By Tim Bradbury, Director of Coaching Instruction, Eastern New York Youth Soccer Association
I have spent the last 20 years in the USA working as a coach and getting as much education and experience as possible. I have coached players from five years of age through 26 years of age and continue to coach all age ranges to this day. I have coached in big clubs, in little clubs and all sizes in-between. I have worked with players from all types of cultural background and economic means. I have coached thousands of players of all different abilities and all at different points in their developmental pathway. Throughout this journey, there have been some wonderfully positive moments and shining examples of the human spirit at its best and, unfortunately, some negative ones as well.
Far too often the negative moments are driven by one or more of the following issues:
1) Overly competitive parents who believe that winning is the best judge of the level of development.
2) Coaches, clubs and parents desperate to get to the next buzz word – academy, elite, premier so they can tell others how good they are rather than simply concern themselves with the idea of, "Can my child develop against this level of competition and in this environment?"
3) Coaches, clubs and parents demanding bigger numbers of the field, so their 7-year-old can play the real game (11v11) rather than the developmentally appropriate 4v4 game that they have a chance of understanding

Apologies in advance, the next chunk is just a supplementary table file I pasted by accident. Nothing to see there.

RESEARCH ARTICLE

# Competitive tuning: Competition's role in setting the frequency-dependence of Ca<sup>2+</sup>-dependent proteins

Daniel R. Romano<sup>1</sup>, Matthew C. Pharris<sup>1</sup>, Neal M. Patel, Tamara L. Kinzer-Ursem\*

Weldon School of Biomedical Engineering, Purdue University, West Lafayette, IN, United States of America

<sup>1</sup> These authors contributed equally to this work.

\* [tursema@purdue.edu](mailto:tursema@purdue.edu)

4) Players on so many teams or playing so many sports that the idea of TEAM and the wonderful human traits it can foster (discipline, self-sacrifice, communication, reliability, dealing with adversity) have been diminished or more truthfully obliterated.
I was recently asked by the parent of a young 3-year-old child if I could explain the pitfalls they should avoid if they wanted their child to have a long, FUN developmentally appropriate journey in soccer, one that might help them become the best player and person they could possibly become. Typically, I just get told my kid is the next Messi and how do they get on the best team, so I was jarred into thinking seriously about my answer. Shared below are the things I stressed:
a) Always concern yourself more with skills learned and FUN had than goals scored, and wins gained.
b) Find a team where the coach and other parents understand commitment and what being on a team means. One in which the simple concept of not letting your teammates down means the world.
c) Remember kids get physically and emotionally tired and that they can not be on too many teams at the same time.
d) Find a team with coach that treats their players as people first and athletes second.
e) Find a team with a coach who has the qualifications that show they have the knowledge to teach the game in a developmentally appropriate manner.
f) Never concern yourself with labels or titles, try and ensure your team play in a competitive league as local as possible and as long as possible.
g) Try and find a club with a top to bottom developmental plan, one that has coaches who work together, holds picnics and open days, one invested in holistic development.
h) Try to remember that mistakes are learning opportunities, that development is a journey and that learning to deal with adversity and a losing is probably a good thing!
i) Above all else remember always that the only words as a supportive parent you need to remember are, “I enjoyed watching you play today.”